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I have solved the hacker rank problem listed here. Given a sequence of scores, I need to count the number of times the records for the high and low scores have been broken.

Easiest way for me was to iterate the input for find the answer but i guess that would have meant O(n) complexity, so I thought of solving the problem using divide and conquer approach hoping it would reduce the complexity of the solution.

I have implemented the solution and it is working, but I am not sure whether I can reduce the complexity. Can you please review the code and provide feedback?

private static int minScore, maxScore;

static int[] breakingRecords(int[] score) {
    int firstScore = score[0];
    int[] result = new int[2];
    minScore = maxScore = firstScore;
    count(score,1, score.length - 1, result);

    return result;
}

private static void count(int[] scores, int start, int end, int[] result) {
    if(start == end || end < start) {
        int score = scores[start];
        if(score > maxScore) {
            maxScore = score;
            result[0] = result[0] + 1;
        } else if(score < minScore) {
            minScore = score;
            result[1] = result[1] + 1;
        }
        return;
    }

    int partition = (end + start) / 2;

    count(scores, start, partition, result);
    count(scores,partition + 1, end, result);

}
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You should be consistent with your naming: int[] score vs. int[] scores.

Avoid keeping state in static variables. Either pass the state explicitly as parameters in your function calls, or use instance variables. I recommend against mutating instance variables with recursion, since you would have to think about what the call stack looks like, while keeping track of what the mutable global state looks like. Those two styles of programming just don't mix well.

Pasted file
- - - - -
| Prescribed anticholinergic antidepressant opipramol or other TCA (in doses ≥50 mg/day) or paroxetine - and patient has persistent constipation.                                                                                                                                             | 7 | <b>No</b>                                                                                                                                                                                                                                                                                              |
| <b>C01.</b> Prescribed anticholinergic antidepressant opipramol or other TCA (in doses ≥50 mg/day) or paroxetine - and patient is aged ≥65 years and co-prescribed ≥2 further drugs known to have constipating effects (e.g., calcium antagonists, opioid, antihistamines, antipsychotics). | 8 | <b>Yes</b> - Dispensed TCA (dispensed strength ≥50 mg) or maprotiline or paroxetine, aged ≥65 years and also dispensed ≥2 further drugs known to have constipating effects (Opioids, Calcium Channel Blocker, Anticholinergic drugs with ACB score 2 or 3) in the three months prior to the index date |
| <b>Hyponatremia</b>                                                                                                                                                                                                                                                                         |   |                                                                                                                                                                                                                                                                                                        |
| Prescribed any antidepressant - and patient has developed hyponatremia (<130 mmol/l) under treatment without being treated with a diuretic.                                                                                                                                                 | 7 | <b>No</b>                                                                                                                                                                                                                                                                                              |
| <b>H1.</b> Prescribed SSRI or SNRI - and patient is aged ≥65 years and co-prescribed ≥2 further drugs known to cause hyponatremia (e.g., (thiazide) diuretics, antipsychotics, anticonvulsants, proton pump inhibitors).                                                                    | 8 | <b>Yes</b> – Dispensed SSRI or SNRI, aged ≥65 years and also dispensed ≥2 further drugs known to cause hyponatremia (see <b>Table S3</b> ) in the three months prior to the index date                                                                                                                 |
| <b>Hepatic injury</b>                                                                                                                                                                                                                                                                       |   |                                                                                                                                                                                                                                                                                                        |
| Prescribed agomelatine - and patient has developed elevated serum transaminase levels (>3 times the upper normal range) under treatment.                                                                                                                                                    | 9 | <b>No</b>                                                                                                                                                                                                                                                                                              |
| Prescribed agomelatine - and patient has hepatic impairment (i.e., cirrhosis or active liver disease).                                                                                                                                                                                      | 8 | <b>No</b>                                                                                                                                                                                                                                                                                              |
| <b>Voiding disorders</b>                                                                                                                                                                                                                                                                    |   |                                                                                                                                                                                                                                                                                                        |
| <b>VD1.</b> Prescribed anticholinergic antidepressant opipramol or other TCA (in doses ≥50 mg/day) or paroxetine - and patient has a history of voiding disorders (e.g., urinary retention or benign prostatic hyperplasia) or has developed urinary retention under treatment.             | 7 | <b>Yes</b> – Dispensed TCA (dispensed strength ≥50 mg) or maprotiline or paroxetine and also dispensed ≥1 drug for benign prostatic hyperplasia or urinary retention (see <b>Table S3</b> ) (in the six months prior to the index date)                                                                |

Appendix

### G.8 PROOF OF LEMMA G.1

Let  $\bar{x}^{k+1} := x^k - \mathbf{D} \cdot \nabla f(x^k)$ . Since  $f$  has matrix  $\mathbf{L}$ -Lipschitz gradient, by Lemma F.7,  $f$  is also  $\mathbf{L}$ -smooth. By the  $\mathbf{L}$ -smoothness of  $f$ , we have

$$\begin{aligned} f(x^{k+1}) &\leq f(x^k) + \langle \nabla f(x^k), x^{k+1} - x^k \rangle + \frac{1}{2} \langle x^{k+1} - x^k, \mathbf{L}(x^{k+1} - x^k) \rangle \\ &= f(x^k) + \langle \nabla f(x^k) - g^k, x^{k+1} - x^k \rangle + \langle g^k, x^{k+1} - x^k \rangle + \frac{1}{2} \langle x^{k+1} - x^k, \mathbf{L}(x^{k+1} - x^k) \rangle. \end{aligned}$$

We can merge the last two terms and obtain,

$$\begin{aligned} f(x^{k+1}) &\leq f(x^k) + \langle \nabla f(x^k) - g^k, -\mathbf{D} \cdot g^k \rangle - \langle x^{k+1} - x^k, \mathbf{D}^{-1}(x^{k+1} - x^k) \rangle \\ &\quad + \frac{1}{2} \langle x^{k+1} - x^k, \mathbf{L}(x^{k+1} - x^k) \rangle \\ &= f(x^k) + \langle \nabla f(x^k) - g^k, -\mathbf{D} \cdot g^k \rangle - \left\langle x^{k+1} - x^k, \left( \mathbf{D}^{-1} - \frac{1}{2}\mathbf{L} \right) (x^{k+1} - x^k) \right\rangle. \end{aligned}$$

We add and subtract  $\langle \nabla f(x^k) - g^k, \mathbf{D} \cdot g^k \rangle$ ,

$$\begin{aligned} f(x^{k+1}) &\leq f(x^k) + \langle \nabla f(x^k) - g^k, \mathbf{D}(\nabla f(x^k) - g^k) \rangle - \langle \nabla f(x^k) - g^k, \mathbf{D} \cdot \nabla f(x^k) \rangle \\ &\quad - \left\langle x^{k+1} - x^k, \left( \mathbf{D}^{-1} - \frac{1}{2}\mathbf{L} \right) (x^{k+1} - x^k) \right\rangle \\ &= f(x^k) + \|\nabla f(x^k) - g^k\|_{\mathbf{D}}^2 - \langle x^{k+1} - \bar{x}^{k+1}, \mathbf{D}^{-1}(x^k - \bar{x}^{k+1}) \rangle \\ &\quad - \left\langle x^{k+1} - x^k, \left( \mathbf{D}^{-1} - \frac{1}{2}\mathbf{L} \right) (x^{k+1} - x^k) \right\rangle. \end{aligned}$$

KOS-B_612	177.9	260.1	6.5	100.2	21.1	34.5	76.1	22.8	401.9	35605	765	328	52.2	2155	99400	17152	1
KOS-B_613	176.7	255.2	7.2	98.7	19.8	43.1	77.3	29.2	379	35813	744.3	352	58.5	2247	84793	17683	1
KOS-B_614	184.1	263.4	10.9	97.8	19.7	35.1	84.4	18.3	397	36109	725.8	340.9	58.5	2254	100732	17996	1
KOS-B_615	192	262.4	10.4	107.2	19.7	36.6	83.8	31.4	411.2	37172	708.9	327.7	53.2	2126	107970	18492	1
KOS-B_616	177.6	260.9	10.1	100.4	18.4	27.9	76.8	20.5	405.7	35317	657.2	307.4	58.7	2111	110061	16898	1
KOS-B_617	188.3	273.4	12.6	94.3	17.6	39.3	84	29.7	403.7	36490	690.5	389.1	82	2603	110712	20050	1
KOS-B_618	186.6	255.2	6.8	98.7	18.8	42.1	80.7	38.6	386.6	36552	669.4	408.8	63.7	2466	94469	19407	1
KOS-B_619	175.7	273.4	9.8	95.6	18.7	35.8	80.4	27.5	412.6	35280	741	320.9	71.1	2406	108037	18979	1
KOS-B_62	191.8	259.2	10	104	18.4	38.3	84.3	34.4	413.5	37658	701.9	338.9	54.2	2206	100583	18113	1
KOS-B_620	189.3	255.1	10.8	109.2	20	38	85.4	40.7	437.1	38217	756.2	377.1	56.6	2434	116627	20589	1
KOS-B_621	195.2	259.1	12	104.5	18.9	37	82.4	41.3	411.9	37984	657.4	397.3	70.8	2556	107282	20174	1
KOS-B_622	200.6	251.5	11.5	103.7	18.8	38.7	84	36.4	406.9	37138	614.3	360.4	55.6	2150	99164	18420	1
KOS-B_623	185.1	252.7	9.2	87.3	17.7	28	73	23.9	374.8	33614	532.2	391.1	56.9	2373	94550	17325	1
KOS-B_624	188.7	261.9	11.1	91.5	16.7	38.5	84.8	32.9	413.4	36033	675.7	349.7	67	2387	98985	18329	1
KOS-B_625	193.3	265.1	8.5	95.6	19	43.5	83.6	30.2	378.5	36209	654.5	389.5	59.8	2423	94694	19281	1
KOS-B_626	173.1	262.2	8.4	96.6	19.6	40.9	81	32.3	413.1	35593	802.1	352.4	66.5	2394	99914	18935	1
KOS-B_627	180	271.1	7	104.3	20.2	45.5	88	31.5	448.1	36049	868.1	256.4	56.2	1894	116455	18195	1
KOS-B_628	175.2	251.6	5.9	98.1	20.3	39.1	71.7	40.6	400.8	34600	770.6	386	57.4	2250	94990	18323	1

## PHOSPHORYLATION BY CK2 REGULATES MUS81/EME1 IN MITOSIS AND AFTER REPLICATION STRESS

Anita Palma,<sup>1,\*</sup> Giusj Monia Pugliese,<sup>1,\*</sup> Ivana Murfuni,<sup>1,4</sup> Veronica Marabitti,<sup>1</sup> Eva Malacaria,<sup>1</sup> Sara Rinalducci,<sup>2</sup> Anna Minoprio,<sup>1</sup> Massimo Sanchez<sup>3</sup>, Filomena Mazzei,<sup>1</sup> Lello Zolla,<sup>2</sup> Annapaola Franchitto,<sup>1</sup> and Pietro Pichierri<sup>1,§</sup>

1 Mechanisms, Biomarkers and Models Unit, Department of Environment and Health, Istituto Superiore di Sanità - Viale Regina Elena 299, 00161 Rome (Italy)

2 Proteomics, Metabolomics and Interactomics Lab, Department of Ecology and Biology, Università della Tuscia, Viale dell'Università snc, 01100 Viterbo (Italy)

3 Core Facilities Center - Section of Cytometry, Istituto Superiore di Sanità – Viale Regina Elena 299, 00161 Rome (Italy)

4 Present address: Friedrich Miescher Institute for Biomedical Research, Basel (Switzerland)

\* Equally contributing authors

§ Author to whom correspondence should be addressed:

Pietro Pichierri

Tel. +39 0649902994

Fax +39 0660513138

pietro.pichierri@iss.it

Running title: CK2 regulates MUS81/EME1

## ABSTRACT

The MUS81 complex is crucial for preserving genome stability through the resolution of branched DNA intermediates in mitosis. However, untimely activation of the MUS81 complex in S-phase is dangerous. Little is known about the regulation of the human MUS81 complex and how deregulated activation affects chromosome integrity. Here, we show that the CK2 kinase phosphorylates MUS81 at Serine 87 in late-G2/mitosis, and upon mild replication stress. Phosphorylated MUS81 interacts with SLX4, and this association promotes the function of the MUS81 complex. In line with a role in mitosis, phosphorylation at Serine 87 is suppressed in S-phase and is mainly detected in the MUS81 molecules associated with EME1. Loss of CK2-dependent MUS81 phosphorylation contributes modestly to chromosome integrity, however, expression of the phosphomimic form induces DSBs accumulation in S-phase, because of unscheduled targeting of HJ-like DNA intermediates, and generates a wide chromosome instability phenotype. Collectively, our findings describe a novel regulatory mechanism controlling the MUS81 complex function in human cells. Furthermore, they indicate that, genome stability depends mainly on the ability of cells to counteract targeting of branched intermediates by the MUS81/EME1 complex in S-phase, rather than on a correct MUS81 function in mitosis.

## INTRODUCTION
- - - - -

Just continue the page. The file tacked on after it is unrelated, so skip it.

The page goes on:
You have way overcomplicated the problem. The task is inherently O(n), because you must consider all n inputs. Furthermore, this task cannot be parallelized. You must consider the inputs in sequence, so divide-and-conquer is not an effective strategy. Basically, your recursion is just a pointlessly complicated way of iterating through the array from front to back.

The following straightforward loop would be much preferable:

public static int[] brokenRecords(int[] scores) {
    int highScore = scores[0],
        lowScore = scores[0],
        highRecords = 0,
        lowRecords = 0;
    for (int i = 1; i < scores.length; i++) {
        if (scores[i] > highScore) {
            highScore = scores[i];
            highRecords++;
        }
        if (scores[i] < lowScore) {
            lowScore = scores[i];
            lowRecords++;
        }
    }
    return new int[] { highRecords, lowRecords };
}
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  • \$\begingroup\$ Do you mean complexity of solution to this problem can't be less than O(n)? \$\endgroup\$ – Balkrishan Nagpal Mar 1 '18 at 15:33
  • \$\begingroup\$ Is it possible to get the answer without considering all n numbers? I think not. \$\endgroup\$ – 200_success Mar 1 '18 at 15:34

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